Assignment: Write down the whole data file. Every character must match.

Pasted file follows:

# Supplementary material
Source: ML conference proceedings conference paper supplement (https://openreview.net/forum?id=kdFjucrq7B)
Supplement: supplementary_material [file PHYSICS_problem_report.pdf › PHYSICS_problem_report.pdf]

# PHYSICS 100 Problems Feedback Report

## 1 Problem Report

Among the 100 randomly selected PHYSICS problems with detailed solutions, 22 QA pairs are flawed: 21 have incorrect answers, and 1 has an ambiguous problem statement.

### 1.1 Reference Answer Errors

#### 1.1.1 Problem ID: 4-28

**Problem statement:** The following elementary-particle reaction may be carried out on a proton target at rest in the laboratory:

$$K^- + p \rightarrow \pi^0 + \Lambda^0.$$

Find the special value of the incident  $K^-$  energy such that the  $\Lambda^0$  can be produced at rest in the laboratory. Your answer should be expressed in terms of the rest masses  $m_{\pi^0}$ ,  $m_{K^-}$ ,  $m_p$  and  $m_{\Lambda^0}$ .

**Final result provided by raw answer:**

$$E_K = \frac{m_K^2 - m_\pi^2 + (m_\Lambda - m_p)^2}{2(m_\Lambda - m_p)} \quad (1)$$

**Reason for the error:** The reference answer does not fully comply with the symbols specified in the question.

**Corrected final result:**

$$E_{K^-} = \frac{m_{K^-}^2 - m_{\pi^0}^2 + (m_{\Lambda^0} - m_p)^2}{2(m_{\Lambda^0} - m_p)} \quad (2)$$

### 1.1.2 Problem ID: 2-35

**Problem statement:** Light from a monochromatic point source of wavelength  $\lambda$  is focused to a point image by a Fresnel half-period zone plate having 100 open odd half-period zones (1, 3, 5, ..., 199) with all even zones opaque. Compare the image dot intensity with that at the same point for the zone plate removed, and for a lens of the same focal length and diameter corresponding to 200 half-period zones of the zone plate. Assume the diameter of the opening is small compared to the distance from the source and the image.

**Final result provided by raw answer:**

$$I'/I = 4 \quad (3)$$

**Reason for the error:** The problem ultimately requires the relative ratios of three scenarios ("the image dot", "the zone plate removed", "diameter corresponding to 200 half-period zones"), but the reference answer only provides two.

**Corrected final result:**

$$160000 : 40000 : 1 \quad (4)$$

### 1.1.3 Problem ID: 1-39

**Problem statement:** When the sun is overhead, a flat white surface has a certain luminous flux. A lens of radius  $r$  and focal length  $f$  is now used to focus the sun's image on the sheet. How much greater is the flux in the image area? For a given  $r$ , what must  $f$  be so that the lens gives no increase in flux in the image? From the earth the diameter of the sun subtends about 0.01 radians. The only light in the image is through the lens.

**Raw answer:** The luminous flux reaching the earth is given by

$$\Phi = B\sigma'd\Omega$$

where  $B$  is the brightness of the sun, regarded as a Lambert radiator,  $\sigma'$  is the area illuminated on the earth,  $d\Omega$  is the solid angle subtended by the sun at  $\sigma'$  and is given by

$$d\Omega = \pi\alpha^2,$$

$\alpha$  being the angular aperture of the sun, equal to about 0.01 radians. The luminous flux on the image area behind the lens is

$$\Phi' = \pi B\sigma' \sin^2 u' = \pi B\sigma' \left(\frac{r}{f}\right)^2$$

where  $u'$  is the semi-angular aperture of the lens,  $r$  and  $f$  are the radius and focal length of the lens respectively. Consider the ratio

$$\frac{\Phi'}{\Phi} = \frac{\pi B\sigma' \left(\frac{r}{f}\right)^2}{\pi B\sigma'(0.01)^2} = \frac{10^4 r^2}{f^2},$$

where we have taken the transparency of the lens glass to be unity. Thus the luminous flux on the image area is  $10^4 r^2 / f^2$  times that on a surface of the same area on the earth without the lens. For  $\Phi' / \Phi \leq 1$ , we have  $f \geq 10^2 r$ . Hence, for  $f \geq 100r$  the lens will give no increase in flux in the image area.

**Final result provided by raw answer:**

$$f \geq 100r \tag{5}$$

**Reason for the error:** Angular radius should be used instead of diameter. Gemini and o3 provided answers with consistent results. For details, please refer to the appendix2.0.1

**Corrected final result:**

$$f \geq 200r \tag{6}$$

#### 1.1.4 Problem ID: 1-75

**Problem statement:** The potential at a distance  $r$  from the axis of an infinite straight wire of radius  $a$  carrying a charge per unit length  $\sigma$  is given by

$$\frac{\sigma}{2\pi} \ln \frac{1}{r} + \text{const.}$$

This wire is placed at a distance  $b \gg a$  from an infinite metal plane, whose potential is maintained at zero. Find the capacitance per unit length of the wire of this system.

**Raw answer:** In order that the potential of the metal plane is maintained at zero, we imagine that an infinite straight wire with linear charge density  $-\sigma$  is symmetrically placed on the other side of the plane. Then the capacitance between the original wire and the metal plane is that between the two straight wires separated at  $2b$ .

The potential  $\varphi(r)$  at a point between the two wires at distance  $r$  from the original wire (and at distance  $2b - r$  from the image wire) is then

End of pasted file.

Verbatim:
# Supplementary material
Source: ML conference proceedings conference paper supplement (https://openreview.net/forum?id=kdFjucrq7B)
Supplement: supplementary_material [file PHYSICS_problem_report.pdf › PHYSICS_problem_report.pdf]

# PHYSICS 100 Problems Feedback Report

## 1 Problem Report

Among the 100 randomly selected PHYSICS problems with detailed solutions, 22 QA pairs are flawed: 21 have incorrect answers, and 1 has an ambiguous problem statement.

### 1.1 Reference Answer Errors

#### 1.1.1 Problem ID: 4-28

**Problem statement:** The following elementary-particle reaction may be carried out on a proton target at rest in the laboratory:

$$K^- + p \rightarrow \pi^0 + \Lambda^0.$$

Find the special value of the incident  $K^-$  energy such that the  $\Lambda^0$  can be produced at rest in the laboratory. Your answer should be expressed in terms of the rest masses  $m_{\pi^0}$ ,  $m_{K^-}$ ,  $m_p$  and  $m_{\Lambda^0}$ .

**Final result provided by raw answer:**

$$E_K = \frac{m_K^2 - m_\pi^2 + (m_\Lambda - m_p)^2}{2(m_\Lambda - m_p)} \quad (1)$$

**Reason for the error:** The reference answer does not fully comply with the symbols specified in the question.

**Corrected final result:**

$$E_{K^-} = \frac{m_{K^-}^2 - m_{\pi^0}^2 + (m_{\Lambda^0} - m_p)^2}{2(m_{\Lambda^0} - m_p)} \quad (2)$$

### 1.1.2 Problem ID: 2-35

**Problem statement:** Light from a monochromatic point source of wavelength  $\lambda$  is focused to a point image by a Fresnel half-period zone plate having 100 open odd half-period zones (1, 3, 5, ..., 199) with all even zones opaque. Compare the image dot intensity with that at the same point for the zone plate removed, and for a lens of the same focal length and diameter corresponding to 200 half-period zones of the zone plate. Assume the diameter of the opening is small compared to the distance from the source and the image.

**Final result provided by raw answer:**

$$I'/I = 4 \quad (3)$$

**Reason for the error:** The problem ultimately requires the relative ratios of three scenarios ("the image dot", "the zone plate removed", "diameter corresponding to 200 half-period zones"), but the reference answer only provides two.

**Corrected final result:**

$$160000 : 40000 : 1 \quad (4)$$

### 1.1.3 Problem ID: 1-39

**Problem statement:** When the sun is overhead, a flat white surface has a certain luminous flux. A lens of radius  $r$  and focal length  $f$  is now used to focus the sun's image on the sheet. How much greater is the flux in the image area? For a given  $r$ , what must  $f$  be so that the lens gives no increase in flux in the image? From the earth the diameter of the sun subtends about 0.01 radians. The only light in the image is through the lens.

**Raw answer:** The luminous flux reaching the earth is given by

$$\Phi = B\sigma'd\Omega$$

where  $B$  is the brightness of the sun, regarded as a Lambert radiator,  $\sigma'$  is the area illuminated on the earth,  $d\Omega$  is the solid angle subtended by the sun at  $\sigma'$  and is given by

$$d\Omega = \pi\alpha^2,$$

$\alpha$  being the angular aperture of the sun, equal to about 0.01 radians. The luminous flux on the image area behind the lens is

$$\Phi' = \pi B\sigma' \sin^2 u' = \pi B\sigma' \left(\frac{r}{f}\right)^2$$

where  $u'$  is the semi-angular aperture of the lens,  $r$  and  $f$  are the radius and focal length of the lens respectively. Consider the ratio

$$\frac{\Phi'}{\Phi} = \frac{\pi B\sigma' \left(\frac{r}{f}\right)^2}{\pi B\sigma'(0.01)^2} = \frac{10^4 r^2}{f^2},$$

where we have taken the transparency of the lens glass to be unity. Thus the luminous flux on the image area is  $10^4 r^2 / f^2$  times that on a surface of the same area on the earth without the lens. For  $\Phi' / \Phi \leq 1$ , we have  $f \geq 10^2 r$ . Hence, for  $f \geq 100r$  the lens will give no increase in flux in the image area.

**Final result provided by raw answer:**

$$f \geq 100r \tag{5}$$

**Reason for the error:** Angular radius should be used instead of diameter. Gemini and o3 provided answers with consistent results. For details, please refer to the appendix2.0.1

**Corrected final result:**

$$f \geq 200r \tag{6}$$

#### 1.1.4 Problem ID: 1-75

**Problem statement:** The potential at a distance  $r$  from the axis of an infinite straight wire of radius  $a$  carrying a charge per unit length  $\sigma$  is given by

$$\frac{\sigma}{2\pi} \ln \frac{1}{r} + \text{const.}$$

This wire is placed at a distance  $b \gg a$  from an infinite metal plane, whose potential is maintained at zero. Find the capacitance per unit length of the wire of this system.

**Raw answer:** In order that the potential of the metal plane is maintained at zero, we imagine that an infinite straight wire with linear charge density  $-\sigma$  is symmetrically placed on the other side of the plane. Then the capacitance between the original wire and the metal plane is that between the two straight wires separated at  $2b$ .

The potential  $\varphi(r)$  at a point between the two wires at distance  $r$  from the original wire (and at distance  $2b - r$  from the image wire) is then